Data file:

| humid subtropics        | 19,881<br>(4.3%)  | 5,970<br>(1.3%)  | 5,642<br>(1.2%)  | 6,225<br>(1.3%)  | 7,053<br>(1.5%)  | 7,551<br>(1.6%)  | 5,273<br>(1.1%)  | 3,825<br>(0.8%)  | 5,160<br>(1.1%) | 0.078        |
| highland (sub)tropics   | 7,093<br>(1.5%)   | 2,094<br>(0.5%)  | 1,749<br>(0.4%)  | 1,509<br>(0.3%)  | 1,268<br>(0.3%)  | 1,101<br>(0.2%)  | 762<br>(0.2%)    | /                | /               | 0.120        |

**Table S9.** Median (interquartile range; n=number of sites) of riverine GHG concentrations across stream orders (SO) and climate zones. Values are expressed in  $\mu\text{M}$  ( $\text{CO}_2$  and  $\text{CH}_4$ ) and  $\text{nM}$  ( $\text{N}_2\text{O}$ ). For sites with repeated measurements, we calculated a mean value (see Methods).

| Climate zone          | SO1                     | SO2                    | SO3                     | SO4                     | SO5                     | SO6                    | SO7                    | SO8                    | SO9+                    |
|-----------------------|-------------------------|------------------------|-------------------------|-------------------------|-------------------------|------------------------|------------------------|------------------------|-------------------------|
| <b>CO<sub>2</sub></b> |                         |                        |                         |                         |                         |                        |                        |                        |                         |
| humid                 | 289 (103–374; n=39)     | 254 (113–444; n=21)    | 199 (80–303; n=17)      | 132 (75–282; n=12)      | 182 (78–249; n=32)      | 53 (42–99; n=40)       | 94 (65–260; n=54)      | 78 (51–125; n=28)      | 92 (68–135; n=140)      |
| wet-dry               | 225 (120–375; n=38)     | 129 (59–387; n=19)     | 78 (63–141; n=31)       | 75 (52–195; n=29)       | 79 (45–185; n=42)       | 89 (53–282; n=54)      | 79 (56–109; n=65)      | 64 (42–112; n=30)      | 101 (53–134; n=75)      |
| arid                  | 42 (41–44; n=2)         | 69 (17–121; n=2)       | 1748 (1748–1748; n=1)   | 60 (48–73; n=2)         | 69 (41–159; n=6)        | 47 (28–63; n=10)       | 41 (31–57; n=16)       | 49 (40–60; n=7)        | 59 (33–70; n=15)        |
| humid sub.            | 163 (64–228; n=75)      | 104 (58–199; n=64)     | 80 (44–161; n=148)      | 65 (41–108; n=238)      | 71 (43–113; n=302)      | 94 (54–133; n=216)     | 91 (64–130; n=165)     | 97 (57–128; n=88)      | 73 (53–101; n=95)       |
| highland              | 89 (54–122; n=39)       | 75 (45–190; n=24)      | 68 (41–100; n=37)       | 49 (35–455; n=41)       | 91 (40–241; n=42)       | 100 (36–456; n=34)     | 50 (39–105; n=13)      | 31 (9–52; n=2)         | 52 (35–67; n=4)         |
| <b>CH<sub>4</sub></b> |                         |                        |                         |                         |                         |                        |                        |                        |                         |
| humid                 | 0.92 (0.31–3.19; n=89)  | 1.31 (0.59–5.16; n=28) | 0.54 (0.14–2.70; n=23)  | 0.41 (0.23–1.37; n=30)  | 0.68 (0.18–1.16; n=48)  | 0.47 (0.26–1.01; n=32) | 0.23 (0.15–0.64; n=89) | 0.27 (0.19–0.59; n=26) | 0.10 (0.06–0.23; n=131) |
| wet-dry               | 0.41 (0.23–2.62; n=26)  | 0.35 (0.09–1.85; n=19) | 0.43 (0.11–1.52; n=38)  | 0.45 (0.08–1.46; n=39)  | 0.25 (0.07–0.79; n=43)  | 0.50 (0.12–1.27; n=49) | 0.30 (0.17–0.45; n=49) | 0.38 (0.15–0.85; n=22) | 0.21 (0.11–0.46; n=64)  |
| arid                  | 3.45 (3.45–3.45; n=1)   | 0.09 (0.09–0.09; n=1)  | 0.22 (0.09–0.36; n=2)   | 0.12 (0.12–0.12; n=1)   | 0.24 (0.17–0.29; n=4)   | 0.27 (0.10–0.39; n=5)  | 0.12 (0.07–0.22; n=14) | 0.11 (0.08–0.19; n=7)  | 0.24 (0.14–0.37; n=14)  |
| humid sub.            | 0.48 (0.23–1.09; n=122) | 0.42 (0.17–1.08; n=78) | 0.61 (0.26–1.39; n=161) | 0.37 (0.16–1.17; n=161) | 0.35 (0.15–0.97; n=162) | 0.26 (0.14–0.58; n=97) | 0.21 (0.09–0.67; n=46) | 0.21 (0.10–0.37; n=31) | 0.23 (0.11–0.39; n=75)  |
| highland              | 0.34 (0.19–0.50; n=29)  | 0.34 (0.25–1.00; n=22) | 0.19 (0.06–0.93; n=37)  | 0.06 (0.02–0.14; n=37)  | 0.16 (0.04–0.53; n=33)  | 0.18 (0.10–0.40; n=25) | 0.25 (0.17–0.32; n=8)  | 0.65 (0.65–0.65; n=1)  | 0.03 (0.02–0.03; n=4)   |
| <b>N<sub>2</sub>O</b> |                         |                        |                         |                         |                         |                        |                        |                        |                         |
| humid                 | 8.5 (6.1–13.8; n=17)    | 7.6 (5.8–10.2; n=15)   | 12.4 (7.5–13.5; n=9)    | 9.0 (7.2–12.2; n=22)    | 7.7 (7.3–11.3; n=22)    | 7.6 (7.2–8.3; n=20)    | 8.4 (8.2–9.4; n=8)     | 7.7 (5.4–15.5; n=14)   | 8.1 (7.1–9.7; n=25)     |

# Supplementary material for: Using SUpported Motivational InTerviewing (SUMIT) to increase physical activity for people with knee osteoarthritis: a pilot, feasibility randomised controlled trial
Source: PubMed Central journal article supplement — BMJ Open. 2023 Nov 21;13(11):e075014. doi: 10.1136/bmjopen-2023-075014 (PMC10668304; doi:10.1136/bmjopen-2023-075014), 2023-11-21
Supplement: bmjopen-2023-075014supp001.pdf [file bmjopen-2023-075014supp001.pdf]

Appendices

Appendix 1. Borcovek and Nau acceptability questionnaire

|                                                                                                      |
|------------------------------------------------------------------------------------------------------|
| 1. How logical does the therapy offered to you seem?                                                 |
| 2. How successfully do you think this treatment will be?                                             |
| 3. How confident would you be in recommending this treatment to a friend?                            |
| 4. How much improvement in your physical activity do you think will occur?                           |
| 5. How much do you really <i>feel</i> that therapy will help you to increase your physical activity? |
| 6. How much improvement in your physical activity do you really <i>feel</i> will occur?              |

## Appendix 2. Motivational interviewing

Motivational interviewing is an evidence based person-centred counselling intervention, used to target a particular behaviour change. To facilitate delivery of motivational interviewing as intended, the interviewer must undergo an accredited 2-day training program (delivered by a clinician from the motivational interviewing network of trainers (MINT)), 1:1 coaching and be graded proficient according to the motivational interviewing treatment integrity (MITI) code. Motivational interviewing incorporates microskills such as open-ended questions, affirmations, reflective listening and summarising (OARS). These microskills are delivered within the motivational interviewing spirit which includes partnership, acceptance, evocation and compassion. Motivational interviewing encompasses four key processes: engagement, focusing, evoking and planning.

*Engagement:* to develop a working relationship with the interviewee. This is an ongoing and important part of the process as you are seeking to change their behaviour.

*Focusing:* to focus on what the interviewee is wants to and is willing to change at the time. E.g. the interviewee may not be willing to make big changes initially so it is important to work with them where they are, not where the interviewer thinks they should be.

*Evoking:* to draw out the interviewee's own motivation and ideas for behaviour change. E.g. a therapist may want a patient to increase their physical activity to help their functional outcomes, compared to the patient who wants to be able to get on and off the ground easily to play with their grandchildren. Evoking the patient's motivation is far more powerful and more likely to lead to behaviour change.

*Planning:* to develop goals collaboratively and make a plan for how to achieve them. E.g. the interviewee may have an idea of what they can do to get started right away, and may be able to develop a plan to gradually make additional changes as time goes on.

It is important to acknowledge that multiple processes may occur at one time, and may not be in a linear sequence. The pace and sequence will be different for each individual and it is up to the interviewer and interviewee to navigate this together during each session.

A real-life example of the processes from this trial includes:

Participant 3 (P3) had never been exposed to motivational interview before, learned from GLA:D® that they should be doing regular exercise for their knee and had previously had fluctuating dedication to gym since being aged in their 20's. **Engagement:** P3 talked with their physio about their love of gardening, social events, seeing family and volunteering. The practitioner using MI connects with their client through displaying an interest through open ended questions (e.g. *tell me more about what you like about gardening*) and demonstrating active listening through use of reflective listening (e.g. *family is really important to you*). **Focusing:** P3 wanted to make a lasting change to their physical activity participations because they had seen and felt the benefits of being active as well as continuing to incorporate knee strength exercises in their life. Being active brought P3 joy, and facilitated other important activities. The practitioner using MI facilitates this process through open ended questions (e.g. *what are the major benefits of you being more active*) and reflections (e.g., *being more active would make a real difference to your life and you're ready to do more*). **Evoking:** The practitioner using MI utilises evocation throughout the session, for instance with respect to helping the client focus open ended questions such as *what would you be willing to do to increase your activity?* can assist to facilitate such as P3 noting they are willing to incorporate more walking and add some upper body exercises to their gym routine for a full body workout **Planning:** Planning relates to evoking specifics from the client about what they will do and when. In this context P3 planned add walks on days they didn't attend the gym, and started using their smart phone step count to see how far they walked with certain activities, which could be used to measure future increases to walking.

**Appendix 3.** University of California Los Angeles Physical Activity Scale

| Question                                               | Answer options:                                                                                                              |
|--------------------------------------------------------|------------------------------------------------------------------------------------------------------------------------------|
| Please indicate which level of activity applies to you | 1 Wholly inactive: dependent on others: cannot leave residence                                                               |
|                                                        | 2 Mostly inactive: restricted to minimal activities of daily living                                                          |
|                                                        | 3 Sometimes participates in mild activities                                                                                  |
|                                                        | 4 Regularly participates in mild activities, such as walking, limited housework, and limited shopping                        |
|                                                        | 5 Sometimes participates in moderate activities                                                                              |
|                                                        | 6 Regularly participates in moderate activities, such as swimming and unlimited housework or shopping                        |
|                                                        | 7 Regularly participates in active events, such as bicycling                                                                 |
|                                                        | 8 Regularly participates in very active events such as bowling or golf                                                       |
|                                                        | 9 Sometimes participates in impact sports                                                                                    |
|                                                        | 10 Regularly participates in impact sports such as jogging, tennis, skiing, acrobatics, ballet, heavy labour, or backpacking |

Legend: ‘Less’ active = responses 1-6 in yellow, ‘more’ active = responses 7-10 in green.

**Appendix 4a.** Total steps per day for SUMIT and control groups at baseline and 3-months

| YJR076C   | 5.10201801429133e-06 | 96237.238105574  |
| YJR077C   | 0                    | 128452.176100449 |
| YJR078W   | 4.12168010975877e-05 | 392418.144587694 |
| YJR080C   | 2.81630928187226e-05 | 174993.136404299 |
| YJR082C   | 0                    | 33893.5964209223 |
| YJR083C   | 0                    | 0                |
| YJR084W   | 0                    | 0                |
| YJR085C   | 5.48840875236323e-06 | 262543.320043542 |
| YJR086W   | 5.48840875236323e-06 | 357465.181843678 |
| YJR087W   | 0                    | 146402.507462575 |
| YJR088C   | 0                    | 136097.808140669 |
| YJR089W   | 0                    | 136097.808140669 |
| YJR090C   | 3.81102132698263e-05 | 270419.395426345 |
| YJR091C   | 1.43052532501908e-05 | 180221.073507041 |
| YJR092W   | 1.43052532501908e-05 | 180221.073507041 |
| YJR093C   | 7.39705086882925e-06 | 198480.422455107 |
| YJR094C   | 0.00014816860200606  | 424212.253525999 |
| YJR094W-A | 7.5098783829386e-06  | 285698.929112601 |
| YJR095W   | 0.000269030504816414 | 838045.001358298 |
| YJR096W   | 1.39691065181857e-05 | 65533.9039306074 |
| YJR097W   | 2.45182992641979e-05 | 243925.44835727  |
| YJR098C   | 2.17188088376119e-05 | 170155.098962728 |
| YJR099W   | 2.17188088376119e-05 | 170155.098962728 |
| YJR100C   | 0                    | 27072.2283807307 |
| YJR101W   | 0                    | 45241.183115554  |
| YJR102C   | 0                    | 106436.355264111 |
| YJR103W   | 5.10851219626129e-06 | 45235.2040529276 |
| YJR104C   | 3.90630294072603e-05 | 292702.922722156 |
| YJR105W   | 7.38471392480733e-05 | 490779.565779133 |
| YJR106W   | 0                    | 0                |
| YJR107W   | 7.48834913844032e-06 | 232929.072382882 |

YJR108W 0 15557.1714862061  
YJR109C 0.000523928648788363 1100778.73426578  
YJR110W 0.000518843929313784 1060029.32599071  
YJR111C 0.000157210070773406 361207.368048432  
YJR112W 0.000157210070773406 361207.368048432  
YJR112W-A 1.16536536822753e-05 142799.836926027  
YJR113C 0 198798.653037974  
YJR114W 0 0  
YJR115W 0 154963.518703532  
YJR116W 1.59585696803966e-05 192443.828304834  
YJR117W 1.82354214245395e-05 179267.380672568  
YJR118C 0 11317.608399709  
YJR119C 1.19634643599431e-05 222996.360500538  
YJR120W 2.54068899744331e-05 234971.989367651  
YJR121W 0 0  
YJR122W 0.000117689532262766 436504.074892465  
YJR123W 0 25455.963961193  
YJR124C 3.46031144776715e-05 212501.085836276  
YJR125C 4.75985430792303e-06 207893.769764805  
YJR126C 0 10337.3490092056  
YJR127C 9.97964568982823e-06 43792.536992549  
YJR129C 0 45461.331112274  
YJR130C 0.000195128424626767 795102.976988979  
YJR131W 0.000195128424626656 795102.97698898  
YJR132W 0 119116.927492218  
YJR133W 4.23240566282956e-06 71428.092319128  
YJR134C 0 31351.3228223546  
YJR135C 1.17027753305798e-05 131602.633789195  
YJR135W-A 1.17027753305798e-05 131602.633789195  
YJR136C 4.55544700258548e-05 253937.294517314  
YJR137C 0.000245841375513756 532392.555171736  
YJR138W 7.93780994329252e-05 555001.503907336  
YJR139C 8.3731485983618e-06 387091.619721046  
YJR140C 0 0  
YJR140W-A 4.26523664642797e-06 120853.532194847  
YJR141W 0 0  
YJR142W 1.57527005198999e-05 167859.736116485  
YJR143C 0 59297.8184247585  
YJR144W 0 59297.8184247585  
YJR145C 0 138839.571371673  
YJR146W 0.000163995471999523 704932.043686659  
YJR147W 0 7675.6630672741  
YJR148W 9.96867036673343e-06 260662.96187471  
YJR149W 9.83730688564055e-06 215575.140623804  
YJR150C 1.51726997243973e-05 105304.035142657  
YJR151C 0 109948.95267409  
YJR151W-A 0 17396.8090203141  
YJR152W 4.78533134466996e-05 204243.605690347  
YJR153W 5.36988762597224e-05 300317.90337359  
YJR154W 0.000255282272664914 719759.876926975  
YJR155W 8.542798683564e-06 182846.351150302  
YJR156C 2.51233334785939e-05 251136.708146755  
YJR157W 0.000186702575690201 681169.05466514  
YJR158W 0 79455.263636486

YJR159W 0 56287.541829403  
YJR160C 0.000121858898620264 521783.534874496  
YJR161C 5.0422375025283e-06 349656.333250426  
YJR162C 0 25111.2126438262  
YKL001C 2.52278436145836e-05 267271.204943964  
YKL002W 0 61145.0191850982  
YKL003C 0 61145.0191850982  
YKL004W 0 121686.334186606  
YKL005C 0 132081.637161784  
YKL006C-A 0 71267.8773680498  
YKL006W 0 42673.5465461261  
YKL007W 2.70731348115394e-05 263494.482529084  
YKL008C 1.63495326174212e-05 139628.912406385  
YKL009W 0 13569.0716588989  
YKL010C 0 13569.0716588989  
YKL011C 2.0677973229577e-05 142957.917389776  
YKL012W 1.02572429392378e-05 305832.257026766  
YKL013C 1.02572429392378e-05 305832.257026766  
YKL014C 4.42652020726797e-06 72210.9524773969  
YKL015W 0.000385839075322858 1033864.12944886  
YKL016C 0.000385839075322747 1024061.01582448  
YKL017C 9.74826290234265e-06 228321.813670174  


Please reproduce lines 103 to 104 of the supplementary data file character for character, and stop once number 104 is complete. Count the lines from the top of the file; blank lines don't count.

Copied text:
YJR122W 0.000117689532262766 436504.074892465  
YJR123W 0 25455.963961193  